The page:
Don’t Hold Your Breath Waiting For Verizon FiOS To Come To Your Town, Says CEO

Back in 2012, Verizon Wireless announced a marketing deal with several of the country’s largest cable operators that would let these companies sell cable/Internet/wireless bundles. We warned at the time that this would give Verizon even more reason to halt expansion of its costly FiOS network, as the company stood to make more money from the wireless business than it would from the TV/Internet service. Now Verizon’s CEO has confirmed that the company has no plans to expand FiOS beyond the existing markets.

“[D]igging up yards and deploying fiber in a lot of new markets isn’t in the cards,” Verizon CEO Lowell McAdam declared during the UBS 41st Annual Global Media & Communications Conference on Monday, according to FierceTelecom. “More and more things are going mobile and I think there are more opportunities to partner out of market with companies that are there versus us going in and deploying FiOS.”

This is exactly what we and others had feared when Verizon entered into that marketing deal with the cable companies. When Verizon began deploying FiOS, it was hoped that the service would compete with the cable and Internet providers that in most areas operate with little or no competition. But in the wake of the housing market collapse, the company slowed its deployment of the network.

The marketing agreement, in which Verizon products and services are sold through Comcast and Time Warner Cable, takes away any incentive for Verizon to push FiOS into new markets where it would need to build new networks. Instead, it could leverage existing cable customers to build its already massive wireless subscriber base without having to run any new fiber lines or, as McAdam says, dig up anyone’s yard.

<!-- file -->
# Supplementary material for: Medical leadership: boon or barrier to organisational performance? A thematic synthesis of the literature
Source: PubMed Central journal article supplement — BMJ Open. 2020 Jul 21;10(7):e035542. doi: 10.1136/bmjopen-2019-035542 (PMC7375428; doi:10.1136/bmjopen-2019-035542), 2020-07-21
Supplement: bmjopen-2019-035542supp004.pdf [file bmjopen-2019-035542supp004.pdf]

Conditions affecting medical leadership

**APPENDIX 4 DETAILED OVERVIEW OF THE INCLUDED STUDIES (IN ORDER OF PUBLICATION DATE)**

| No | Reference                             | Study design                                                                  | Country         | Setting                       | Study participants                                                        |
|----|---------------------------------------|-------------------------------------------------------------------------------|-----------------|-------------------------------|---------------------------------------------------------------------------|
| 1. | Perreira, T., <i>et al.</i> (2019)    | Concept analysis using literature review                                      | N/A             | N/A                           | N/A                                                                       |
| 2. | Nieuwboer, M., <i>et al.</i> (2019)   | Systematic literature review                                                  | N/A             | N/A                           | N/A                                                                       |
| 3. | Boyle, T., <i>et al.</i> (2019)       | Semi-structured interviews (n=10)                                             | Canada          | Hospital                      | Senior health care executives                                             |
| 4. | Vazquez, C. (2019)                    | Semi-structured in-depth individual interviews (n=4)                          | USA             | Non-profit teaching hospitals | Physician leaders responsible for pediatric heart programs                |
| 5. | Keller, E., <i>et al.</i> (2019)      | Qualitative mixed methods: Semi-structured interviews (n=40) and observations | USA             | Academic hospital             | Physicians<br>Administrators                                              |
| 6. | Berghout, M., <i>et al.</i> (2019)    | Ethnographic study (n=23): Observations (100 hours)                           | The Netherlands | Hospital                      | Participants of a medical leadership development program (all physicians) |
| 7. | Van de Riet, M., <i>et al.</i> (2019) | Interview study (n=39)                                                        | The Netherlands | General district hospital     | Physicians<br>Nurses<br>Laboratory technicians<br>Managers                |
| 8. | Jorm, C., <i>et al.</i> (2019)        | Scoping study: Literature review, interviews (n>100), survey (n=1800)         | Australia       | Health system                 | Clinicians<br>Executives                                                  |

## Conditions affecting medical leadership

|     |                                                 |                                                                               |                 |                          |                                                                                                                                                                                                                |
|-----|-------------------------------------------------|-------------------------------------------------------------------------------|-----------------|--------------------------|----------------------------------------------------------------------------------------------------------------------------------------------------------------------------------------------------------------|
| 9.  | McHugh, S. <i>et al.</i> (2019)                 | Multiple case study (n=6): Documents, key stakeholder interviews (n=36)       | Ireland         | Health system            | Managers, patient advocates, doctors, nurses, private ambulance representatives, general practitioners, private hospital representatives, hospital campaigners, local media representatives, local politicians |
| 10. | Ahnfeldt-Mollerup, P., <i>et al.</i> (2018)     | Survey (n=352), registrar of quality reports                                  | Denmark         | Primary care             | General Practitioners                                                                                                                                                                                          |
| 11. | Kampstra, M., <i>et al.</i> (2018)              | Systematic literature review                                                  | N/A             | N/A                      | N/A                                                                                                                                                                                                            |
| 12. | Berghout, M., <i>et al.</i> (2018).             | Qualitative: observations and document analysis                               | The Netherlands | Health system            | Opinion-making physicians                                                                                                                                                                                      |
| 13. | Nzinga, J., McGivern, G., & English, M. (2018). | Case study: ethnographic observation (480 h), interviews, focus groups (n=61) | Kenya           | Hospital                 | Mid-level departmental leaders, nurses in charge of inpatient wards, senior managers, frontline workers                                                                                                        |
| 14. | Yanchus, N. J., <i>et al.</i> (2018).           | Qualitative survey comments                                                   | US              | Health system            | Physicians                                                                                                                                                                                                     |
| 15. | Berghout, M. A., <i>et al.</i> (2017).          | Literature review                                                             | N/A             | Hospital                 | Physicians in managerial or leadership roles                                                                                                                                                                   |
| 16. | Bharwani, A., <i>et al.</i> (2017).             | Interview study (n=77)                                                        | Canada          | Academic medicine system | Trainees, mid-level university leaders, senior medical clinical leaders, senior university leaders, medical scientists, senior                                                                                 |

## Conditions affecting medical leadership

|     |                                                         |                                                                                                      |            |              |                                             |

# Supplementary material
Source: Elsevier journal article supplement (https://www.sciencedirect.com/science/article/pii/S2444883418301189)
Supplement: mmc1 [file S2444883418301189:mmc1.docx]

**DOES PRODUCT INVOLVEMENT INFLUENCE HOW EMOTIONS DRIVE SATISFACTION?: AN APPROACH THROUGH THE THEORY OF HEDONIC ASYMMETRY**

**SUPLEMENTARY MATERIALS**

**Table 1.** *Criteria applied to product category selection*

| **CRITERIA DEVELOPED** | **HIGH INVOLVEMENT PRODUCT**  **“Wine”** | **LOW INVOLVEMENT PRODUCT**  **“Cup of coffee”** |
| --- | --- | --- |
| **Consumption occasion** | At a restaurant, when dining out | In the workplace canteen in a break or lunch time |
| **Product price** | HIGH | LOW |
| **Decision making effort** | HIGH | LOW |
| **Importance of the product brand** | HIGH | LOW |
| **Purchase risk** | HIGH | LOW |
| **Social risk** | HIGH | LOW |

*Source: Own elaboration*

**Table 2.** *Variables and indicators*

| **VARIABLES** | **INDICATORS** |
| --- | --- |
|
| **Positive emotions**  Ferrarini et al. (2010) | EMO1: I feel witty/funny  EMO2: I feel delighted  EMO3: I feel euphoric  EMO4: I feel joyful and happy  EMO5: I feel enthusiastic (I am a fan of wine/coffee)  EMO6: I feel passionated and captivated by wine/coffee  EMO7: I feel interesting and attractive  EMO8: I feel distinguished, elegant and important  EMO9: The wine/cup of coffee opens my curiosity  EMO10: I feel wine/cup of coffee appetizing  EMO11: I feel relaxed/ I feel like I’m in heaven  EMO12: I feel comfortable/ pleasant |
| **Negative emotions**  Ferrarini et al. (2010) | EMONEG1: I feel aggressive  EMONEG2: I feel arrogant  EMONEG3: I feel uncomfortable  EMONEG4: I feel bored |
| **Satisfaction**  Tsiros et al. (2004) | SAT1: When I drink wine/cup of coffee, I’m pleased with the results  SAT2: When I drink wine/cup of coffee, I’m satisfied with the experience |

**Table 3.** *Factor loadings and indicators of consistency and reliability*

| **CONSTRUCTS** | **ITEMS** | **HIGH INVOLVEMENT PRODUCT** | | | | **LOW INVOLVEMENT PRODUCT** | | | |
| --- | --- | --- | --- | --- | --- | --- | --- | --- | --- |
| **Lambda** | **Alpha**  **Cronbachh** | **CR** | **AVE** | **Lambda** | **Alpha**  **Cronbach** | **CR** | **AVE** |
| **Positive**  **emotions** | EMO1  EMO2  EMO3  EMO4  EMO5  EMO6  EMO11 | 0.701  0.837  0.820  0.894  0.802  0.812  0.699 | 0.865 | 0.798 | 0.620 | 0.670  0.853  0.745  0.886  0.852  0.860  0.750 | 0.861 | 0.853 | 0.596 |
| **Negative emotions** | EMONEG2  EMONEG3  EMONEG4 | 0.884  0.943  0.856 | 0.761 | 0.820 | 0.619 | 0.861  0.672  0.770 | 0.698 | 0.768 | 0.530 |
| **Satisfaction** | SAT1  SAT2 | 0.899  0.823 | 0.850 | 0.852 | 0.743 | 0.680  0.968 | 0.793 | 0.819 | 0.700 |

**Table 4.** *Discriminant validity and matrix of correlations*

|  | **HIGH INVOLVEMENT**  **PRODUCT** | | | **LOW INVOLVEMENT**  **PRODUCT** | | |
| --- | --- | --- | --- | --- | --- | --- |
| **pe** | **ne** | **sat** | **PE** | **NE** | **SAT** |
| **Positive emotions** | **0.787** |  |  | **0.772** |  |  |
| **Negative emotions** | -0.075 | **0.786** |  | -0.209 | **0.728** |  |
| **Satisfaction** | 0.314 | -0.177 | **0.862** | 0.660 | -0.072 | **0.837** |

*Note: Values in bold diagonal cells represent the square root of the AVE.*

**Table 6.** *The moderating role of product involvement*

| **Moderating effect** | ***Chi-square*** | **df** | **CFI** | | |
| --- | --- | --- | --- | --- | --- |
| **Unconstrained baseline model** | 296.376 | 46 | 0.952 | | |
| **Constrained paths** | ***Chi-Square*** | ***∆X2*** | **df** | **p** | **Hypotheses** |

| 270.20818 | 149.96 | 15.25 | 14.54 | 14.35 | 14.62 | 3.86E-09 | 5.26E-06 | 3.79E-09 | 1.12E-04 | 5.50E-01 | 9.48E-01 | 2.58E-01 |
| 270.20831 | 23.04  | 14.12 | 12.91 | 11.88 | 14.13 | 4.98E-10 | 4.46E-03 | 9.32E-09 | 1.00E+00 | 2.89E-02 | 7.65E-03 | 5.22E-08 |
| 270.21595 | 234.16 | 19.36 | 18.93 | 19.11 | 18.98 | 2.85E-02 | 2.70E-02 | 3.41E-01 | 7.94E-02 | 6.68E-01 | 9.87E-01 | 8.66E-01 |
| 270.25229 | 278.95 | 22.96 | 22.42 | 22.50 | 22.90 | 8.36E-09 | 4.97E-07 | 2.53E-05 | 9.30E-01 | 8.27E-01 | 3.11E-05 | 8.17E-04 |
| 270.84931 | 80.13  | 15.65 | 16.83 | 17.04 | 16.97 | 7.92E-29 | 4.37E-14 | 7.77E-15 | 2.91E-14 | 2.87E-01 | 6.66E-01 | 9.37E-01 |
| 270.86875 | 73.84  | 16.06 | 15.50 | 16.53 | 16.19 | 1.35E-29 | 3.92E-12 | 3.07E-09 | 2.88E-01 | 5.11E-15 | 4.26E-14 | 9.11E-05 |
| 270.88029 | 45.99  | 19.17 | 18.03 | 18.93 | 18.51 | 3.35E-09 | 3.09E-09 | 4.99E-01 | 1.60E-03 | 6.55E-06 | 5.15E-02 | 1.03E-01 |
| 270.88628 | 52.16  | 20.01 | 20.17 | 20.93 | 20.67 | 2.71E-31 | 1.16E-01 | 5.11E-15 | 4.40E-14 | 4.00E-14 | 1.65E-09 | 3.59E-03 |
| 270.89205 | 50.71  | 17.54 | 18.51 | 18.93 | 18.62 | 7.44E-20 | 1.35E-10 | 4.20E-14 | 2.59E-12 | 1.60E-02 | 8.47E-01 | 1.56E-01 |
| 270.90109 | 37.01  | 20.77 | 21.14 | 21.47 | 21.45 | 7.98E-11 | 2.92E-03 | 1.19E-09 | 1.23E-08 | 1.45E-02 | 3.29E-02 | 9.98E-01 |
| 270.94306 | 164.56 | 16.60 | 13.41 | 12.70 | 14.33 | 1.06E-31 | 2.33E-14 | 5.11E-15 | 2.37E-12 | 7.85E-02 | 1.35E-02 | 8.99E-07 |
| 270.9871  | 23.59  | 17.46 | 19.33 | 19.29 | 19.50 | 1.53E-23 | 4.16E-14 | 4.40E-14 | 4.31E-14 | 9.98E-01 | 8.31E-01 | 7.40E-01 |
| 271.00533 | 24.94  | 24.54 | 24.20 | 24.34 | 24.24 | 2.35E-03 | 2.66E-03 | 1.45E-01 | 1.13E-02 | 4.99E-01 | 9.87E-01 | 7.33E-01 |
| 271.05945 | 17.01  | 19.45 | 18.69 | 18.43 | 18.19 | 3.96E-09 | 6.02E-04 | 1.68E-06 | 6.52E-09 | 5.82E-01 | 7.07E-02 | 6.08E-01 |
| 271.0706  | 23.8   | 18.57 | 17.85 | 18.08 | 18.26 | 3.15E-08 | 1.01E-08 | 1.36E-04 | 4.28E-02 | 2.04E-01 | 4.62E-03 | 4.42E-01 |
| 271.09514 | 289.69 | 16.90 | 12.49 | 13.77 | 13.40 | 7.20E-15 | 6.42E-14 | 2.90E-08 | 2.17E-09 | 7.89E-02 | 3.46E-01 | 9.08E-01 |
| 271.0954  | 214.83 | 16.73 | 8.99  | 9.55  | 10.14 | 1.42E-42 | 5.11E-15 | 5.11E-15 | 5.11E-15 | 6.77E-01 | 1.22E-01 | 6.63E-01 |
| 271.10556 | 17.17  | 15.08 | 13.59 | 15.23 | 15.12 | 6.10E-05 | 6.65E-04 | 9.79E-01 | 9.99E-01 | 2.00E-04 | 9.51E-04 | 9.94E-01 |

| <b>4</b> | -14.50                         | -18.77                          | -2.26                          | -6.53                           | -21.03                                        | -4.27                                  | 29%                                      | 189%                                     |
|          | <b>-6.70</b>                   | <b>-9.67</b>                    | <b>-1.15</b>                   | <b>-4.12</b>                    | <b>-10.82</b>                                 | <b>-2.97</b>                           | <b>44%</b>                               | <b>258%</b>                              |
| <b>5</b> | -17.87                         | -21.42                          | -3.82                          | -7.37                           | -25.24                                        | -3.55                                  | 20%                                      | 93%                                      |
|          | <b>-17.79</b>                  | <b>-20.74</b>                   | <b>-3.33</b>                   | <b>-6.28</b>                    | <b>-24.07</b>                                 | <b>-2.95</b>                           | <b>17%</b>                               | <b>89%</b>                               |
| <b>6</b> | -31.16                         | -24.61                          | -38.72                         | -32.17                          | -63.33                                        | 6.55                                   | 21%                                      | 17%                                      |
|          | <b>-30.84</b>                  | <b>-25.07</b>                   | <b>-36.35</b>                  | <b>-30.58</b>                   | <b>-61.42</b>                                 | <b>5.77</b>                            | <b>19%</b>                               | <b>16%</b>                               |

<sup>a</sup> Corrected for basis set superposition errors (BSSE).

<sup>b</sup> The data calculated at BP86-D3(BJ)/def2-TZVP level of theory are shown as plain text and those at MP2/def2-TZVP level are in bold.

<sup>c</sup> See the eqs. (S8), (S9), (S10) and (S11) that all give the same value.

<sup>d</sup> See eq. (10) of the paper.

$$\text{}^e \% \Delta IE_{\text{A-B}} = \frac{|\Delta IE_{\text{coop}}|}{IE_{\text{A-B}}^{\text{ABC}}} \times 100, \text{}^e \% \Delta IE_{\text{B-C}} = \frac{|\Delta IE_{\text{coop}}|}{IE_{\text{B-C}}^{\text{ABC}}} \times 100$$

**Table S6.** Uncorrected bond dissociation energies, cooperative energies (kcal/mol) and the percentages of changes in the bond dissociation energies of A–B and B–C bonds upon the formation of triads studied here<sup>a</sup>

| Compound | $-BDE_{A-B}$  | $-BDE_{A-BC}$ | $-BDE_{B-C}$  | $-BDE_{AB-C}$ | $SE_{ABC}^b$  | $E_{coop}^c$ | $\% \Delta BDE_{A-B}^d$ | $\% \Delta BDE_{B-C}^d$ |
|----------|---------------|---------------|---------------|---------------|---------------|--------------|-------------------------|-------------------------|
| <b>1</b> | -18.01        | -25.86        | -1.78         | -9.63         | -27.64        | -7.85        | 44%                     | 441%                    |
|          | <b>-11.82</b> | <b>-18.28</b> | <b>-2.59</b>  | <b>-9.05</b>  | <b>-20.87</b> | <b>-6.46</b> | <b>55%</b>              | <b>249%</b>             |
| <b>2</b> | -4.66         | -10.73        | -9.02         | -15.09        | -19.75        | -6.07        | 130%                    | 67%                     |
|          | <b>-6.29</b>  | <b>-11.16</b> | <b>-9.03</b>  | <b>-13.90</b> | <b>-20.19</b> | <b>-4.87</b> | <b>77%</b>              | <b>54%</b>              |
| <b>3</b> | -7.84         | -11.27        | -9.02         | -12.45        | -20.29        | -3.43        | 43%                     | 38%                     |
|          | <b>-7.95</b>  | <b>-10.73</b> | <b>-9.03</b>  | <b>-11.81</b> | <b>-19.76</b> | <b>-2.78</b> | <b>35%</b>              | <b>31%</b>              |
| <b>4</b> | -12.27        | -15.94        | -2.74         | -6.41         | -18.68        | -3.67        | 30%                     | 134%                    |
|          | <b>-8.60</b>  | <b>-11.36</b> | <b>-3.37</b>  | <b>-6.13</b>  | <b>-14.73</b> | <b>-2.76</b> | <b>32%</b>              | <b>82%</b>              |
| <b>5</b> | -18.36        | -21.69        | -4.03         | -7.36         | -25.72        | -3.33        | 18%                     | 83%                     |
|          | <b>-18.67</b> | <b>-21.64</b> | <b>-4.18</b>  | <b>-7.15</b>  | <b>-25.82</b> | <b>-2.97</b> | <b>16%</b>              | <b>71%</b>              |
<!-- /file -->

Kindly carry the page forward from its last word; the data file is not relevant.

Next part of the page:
The CEO of Big V explained the difference between FiOS and AT&T’s U-Verse system, which uses much of the existing copper phone lines rather than having to lay new fiber.

“What [AT&T] has already got is copper to the home and he’s changing out the last mile,” McAdam said. “It’s a little bit of a different situation for us. We’d have to go in and get the local franchise agreements and that always gets complicated.”

So if you’re hoping for fiber service in your area and FiOS hasn’t gotten there yet, don’t expect to see the Verizon truck roll up your street anytime soon.

[via DSLreports]

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  1. SingleMaltGeek says:

    We just need to suck it up already and consider broadband part of our public infrastructure, like so many other countries have done.